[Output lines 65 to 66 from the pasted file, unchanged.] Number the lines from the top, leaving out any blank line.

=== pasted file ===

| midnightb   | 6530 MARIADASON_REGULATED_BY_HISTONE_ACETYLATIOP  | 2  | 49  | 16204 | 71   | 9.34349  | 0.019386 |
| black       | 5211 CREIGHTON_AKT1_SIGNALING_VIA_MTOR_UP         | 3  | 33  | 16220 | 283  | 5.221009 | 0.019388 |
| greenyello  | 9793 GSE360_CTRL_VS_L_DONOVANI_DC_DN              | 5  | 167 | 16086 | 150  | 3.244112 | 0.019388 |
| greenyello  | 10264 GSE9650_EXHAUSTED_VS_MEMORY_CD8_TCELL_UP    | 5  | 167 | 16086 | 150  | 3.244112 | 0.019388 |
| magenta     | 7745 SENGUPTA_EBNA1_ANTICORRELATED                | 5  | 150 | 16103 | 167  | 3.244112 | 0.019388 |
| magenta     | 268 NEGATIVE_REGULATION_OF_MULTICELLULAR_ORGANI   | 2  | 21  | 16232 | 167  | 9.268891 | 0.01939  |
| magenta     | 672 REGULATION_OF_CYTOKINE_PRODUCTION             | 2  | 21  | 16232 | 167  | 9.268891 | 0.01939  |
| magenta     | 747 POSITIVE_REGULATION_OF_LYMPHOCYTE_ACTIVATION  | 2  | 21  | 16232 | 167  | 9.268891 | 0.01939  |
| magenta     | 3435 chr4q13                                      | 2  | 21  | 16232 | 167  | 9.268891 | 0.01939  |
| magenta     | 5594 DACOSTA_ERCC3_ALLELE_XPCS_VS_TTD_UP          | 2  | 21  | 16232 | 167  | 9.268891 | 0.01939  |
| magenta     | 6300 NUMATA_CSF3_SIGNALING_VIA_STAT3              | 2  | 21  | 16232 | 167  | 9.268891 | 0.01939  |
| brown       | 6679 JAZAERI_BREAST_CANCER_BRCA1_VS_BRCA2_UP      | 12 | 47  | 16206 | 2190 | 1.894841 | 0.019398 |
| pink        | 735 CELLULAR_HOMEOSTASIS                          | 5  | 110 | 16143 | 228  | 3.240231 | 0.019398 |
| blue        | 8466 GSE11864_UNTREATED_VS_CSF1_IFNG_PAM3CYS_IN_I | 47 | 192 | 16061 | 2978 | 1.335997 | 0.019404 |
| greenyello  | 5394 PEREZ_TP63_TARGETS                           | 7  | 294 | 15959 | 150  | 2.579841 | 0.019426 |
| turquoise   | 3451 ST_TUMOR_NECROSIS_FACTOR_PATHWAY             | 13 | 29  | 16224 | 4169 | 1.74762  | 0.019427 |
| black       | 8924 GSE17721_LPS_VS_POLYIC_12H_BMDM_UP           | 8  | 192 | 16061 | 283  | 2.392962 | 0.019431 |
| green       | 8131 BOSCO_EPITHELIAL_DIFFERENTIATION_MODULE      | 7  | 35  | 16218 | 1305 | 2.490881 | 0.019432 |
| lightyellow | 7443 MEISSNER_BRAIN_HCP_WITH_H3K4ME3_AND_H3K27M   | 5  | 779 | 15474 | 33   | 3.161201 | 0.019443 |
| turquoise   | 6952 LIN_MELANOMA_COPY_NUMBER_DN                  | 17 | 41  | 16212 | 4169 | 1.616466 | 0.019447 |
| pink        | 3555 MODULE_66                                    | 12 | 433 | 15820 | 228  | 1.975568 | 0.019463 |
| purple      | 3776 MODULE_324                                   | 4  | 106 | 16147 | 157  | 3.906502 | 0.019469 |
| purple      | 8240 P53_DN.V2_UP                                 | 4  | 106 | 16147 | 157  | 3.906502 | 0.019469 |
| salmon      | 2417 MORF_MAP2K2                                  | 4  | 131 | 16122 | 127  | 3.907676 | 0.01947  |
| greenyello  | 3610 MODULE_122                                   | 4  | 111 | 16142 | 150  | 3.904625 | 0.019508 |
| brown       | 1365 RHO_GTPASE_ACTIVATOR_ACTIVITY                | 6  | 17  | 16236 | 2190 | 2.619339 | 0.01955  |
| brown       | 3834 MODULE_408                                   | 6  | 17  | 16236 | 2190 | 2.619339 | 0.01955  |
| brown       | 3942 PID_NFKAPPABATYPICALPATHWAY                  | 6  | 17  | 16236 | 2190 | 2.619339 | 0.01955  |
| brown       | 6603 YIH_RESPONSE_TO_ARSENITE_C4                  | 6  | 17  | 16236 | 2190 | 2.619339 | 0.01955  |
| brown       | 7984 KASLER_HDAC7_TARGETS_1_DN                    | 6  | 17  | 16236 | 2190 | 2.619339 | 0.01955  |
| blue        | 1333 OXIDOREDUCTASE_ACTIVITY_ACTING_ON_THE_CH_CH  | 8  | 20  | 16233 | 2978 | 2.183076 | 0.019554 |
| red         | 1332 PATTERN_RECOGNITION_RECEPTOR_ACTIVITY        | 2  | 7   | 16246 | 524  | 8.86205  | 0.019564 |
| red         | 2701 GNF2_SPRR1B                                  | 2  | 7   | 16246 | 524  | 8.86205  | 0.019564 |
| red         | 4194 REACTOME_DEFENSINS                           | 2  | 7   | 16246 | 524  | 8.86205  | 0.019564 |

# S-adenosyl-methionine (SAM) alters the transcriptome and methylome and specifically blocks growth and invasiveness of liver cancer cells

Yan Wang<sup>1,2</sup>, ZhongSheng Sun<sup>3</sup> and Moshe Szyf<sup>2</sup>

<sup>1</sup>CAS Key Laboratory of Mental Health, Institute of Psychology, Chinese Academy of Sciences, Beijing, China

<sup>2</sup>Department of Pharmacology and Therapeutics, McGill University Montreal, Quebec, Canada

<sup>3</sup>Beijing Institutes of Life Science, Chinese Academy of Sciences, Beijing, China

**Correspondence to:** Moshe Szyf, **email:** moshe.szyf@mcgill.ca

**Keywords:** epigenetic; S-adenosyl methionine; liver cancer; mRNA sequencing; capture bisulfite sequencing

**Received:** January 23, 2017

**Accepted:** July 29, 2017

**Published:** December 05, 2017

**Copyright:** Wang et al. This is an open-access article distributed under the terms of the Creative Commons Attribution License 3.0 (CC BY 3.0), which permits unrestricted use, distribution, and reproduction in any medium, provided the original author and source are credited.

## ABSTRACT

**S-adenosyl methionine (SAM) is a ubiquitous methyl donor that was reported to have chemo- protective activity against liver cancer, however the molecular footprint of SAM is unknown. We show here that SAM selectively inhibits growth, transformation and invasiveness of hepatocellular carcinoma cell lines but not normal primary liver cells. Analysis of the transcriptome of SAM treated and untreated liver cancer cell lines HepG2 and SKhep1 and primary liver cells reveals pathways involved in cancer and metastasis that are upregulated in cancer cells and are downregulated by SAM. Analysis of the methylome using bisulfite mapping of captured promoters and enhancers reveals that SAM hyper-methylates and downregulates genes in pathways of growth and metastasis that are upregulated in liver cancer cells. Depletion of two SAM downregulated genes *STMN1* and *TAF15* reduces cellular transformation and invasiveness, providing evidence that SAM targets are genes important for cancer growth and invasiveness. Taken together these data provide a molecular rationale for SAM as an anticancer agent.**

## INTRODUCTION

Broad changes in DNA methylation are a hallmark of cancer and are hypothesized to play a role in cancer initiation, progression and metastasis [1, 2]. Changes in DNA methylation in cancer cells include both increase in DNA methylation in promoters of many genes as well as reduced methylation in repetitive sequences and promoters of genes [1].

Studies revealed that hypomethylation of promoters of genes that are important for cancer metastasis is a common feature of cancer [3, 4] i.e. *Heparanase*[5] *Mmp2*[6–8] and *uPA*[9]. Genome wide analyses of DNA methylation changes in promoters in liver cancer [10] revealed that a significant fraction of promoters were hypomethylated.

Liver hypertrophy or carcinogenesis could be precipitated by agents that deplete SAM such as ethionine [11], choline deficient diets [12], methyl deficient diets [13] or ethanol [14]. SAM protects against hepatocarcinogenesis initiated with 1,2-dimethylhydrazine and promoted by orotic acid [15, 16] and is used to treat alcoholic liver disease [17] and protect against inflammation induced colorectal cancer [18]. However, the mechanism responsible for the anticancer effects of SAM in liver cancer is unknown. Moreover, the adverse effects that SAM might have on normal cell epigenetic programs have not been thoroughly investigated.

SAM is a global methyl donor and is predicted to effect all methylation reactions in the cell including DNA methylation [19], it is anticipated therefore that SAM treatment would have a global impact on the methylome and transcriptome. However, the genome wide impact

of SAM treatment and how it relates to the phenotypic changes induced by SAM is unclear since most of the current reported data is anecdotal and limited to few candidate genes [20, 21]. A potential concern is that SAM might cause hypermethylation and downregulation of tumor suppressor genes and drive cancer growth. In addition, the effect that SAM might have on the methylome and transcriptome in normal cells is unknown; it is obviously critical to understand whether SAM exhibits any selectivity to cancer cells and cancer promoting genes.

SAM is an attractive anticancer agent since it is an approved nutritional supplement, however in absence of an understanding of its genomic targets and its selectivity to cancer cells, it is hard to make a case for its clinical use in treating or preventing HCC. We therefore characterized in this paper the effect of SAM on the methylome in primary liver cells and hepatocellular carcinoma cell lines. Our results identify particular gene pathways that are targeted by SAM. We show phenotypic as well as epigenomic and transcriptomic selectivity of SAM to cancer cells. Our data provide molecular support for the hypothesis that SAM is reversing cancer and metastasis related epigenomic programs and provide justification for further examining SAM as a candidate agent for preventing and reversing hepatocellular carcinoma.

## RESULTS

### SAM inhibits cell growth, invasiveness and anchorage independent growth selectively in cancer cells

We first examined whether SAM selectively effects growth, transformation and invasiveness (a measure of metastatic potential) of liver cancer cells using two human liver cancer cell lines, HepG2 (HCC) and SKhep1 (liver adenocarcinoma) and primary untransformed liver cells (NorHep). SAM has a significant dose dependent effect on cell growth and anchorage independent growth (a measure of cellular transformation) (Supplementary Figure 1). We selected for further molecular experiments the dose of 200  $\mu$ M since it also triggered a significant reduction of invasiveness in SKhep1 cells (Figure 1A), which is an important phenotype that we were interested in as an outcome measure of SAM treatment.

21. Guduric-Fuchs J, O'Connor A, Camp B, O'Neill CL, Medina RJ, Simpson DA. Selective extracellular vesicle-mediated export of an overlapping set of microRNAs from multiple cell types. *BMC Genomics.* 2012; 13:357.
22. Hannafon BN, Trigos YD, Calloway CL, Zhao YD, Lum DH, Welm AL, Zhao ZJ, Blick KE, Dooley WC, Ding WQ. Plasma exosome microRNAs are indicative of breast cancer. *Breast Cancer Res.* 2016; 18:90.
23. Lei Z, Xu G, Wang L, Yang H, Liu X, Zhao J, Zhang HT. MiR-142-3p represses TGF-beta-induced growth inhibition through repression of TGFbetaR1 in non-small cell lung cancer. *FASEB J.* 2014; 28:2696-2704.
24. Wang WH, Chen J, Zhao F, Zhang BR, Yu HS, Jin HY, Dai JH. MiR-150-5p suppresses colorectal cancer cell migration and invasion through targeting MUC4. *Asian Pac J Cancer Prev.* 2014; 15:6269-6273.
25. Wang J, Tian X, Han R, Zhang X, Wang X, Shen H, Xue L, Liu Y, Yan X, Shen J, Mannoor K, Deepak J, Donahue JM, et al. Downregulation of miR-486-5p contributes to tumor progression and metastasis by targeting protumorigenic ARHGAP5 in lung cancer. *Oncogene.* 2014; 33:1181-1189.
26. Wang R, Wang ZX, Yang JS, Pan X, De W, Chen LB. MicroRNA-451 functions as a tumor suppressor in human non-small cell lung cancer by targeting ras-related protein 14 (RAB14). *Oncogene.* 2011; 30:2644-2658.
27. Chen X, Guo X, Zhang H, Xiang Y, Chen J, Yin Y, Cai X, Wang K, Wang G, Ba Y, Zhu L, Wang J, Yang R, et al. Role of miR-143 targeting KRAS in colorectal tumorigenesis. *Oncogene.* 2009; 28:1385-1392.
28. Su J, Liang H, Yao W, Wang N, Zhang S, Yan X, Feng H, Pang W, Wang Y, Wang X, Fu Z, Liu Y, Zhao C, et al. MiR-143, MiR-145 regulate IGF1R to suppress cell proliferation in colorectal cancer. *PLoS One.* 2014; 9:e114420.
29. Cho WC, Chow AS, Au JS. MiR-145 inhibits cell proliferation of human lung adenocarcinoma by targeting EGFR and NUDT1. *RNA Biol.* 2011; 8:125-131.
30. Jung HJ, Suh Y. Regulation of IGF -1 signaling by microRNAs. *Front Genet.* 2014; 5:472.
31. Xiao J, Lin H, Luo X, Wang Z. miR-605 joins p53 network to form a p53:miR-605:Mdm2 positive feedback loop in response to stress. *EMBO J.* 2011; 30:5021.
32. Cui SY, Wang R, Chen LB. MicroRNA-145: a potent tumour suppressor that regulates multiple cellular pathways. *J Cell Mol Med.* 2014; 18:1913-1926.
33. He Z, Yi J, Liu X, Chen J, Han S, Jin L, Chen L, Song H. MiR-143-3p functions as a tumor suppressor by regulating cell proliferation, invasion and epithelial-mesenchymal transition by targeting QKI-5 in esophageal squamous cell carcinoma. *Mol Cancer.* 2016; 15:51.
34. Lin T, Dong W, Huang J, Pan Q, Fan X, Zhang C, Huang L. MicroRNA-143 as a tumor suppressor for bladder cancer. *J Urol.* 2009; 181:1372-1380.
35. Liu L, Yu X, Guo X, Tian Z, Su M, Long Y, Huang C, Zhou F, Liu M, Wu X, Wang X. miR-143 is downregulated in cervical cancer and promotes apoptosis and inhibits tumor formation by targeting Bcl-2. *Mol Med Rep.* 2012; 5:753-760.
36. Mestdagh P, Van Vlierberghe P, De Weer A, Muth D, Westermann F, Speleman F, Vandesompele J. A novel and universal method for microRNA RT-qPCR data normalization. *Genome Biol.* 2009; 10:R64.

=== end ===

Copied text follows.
28. Su J, Liang H, Yao W, Wang N, Zhang S, Yan X, Feng H, Pang W, Wang Y, Wang X, Fu Z, Liu Y, Zhao C, et al. MiR-143, MiR-145 regulate IGF1R to suppress cell proliferation in colorectal cancer. *PLoS One.* 2014; 9:e114420.
29. Cho WC, Chow AS, Au JS. MiR-145 inhibits cell proliferation of human lung adenocarcinoma by targeting EGFR and NUDT1. *RNA Biol.* 2011; 8:125-131.